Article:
Tap Dancing Over the News that the Coen Brothers are Going Musical (Even Though They Really Always Have)

I don't want this site to become a place where I just "report" movie news that is essentially nothing more than marketing material like casting announcements, trailers, or plot synopsis. I have read many movie critics and writers bemoan the current state of journalism that they feel has become nothing more than a hype machine for the upcoming big films. My goal with this blog and the eventual movie site is that it becomes a place to discuss and analyze the impact, importance, and relevance of classic (and not so classic) movies and also continues the conversation of current movies long after they've been released.

I also believer modern culture has made it important to talk about trailers and press releases and the hype surrounding movies because it has become embedded into the current conversation. Part of the excitement of movies is the anticipation, which is fine as long as we remember to talk and analyze the movie long after the trailers and hype have been forgotten. The art is the most important thing, and the art is the actual living-breathing movie.

Sometimes I just can't stop myself from getting giddy over a movie that is still almost a year away. This is exactly the case with the Coen brothers latest feature (scheduled to be released next February), Hail, Caesar! I bubble with excitement over anything that has the Coens attached as directors even if I don't know anything about the plot. Prior to this morning, all I knew about the latest feature was that it was based on a story set in the 1950s about real-life Hollywood fixer, Eddie Mannix. Essentially, a fixer was someone who was responsible for covering and toning down the many scandals running rampant with high profile stars (Mannix worked for MGM and from what I know, that seems to be the studio that largely employed them -- also probably the biggest movie studio at the time).

The Coen brothers' recurring collaborators and musical composers, Carter Burwell and Skip Lievsay were present at the "Dolby Institute: Sound of the Coens" Master Class that was part of the 2015 Tribeca Film Festival. It was there they revealed the plot synopsis of the movie and gave a bit more info on what to expect. The fixer storyline was confirmed with additional information it would be based on a single day and Mannix will be solving major problems while walking through many of the sets of movies being filmed at the time. There is no confirmation if these will be completely fictionalized pictures, fictionalized pictures based on actual movies, or actual movies being produced at the time. The peaks into several different movies seems to be a crucial part of the picture's structure and likely the provider of a healthy dose of nostalgia and atmosphere (things the Coens had proven to be great but also subtle masters in period pieces like True Grit, The Hudsucker Proxy, and Miller's Crossing).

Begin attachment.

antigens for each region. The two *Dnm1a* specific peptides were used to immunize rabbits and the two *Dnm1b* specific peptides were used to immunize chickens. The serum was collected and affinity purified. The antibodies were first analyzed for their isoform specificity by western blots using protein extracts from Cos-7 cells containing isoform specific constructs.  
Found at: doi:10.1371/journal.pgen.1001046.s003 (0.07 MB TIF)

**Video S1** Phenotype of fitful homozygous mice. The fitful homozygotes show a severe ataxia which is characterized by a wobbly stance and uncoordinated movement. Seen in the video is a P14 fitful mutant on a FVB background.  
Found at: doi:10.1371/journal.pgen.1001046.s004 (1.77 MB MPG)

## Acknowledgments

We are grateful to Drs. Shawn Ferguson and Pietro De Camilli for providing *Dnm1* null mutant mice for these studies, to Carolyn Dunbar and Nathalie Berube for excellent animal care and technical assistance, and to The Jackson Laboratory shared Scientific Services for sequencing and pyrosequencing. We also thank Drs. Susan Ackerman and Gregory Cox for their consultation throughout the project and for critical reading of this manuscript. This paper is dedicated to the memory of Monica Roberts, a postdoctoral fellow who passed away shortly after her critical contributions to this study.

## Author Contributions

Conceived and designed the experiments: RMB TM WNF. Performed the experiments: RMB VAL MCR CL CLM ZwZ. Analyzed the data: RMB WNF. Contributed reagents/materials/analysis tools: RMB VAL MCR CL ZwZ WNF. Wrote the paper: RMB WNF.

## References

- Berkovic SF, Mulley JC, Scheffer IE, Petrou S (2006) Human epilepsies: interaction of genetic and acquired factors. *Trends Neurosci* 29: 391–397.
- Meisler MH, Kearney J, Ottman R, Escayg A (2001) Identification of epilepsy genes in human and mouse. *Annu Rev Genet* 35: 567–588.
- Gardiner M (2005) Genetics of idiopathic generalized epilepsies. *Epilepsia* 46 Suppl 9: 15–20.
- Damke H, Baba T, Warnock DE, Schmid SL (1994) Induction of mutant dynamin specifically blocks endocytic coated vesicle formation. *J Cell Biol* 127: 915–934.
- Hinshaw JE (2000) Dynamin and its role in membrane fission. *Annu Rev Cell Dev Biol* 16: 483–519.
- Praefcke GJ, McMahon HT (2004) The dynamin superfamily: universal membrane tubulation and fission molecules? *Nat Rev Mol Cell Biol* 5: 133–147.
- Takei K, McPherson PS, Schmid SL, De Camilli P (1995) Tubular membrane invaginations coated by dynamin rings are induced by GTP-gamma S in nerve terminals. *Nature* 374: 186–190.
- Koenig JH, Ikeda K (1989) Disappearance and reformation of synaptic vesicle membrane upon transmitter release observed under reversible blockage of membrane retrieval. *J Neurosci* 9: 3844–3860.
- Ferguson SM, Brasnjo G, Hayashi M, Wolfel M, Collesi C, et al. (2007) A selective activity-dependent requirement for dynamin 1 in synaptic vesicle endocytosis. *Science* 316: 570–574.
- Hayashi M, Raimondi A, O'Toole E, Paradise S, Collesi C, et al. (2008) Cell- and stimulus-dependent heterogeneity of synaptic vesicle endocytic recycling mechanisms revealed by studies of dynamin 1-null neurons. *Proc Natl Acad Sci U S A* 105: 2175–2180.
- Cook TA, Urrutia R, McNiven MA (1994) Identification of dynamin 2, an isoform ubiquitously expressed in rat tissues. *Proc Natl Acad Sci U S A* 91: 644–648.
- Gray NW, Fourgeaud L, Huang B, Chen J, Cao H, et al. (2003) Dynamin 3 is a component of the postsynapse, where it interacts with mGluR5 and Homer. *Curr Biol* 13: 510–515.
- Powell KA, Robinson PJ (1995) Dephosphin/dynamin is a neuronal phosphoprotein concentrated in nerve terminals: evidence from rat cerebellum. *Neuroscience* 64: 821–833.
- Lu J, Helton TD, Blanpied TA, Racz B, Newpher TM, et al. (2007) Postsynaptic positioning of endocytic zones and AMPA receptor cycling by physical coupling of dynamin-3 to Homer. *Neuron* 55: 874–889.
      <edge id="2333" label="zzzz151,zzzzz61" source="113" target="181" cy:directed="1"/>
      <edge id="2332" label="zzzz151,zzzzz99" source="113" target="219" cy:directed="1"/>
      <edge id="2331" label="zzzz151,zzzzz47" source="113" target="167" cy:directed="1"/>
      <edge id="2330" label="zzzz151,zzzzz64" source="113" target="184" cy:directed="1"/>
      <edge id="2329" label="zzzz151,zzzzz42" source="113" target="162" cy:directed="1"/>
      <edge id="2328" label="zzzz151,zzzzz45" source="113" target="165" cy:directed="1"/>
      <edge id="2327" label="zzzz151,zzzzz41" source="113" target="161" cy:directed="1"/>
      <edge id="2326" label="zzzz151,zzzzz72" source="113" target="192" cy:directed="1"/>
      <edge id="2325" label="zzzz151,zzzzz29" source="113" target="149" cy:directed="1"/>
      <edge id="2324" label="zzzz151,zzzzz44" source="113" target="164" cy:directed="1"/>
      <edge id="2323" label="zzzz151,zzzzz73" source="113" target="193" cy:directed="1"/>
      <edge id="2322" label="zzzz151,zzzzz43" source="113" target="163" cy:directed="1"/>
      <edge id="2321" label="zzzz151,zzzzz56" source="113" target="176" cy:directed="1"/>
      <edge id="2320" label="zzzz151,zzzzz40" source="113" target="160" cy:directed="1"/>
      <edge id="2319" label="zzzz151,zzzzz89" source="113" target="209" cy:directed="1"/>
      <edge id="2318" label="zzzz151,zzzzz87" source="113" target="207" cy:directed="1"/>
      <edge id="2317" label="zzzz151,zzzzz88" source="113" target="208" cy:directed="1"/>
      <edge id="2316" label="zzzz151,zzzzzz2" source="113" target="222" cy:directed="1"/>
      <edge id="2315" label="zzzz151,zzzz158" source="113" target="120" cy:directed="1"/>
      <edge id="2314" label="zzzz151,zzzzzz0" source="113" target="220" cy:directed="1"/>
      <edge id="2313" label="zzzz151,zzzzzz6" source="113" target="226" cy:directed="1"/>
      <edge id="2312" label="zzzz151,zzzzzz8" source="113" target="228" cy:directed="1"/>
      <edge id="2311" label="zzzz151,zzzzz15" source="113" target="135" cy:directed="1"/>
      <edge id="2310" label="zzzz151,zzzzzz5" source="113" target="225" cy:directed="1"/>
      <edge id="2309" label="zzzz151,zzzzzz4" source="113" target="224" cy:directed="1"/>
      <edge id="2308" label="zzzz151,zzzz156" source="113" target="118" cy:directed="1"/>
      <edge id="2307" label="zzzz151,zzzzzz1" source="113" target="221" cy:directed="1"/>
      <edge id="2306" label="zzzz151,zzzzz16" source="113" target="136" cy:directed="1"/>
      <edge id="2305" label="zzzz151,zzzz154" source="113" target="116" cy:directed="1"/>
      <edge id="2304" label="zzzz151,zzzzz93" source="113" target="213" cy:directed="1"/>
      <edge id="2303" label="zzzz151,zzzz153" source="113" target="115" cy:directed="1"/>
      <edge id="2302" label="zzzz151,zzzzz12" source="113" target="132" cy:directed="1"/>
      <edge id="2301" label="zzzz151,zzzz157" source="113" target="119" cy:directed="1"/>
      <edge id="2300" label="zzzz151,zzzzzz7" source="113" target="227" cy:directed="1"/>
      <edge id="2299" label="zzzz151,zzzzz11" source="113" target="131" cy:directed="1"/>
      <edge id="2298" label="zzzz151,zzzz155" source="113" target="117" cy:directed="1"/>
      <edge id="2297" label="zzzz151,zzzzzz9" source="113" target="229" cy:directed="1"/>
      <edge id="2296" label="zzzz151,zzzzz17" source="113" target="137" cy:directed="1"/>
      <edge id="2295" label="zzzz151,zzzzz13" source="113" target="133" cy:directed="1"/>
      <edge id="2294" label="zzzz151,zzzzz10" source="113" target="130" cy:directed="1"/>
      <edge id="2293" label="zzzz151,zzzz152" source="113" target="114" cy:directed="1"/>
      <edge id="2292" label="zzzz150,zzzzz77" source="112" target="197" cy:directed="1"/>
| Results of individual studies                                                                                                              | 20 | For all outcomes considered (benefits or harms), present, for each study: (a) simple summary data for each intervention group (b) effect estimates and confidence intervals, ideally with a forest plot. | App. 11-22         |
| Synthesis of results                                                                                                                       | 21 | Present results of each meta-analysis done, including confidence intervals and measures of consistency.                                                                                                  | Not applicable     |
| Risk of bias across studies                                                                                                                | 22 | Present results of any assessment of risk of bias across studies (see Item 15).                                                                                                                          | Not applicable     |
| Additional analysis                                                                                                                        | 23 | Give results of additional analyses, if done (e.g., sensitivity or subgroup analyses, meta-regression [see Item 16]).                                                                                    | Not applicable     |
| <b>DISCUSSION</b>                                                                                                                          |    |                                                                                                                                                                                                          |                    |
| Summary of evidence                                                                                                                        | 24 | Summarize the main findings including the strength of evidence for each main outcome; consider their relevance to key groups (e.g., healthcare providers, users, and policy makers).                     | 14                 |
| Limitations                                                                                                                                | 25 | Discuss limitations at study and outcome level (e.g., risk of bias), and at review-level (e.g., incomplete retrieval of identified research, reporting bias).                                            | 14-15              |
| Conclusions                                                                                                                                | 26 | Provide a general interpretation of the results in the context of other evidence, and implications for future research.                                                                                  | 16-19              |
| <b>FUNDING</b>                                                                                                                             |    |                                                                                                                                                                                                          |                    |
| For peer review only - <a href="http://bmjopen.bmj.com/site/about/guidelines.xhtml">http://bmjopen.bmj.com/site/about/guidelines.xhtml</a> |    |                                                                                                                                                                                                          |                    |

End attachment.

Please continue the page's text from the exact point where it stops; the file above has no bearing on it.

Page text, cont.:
The big whopping news, or at least something that I was completely unaware of prior to this, is that it will be a musical comedy. Though Burwell was quick to state the bigger narrative wasn't actually a comedy but rather a very serious movie about faith. The comedy and lightness will come from the scenes of the movies being filmed. Having large chunks of comedic scenes amongst a somber and dark tale is also a really common Coen trait. Coens actually have to be one of the best directors at making drastic tonal shifts while keeping the narrative true and cohesive. Their movies always feel like a complete story despite the massive shifts in genres and style.

The thing that makes this movie really stand out from Coen canon is the fact this is being labelled as a musical. Based off the comments, you have to assume the plan is to make this a true musical, which means people working through problems through song and dance. It is a brilliant move based off it being set in the 1950s and that genre being the ultimate blockbuster powerhouse at the time. It fits with how many younger cinephiles view the 1950s. As far as I know, people actually sang to each other and danced in the rain and broke into tap-dancing during board meetings. Even if the musical numbers are stuck to the "filmed movie" sequences, it still will help elicit the feelings and emotions of the time period and pull us into the movie.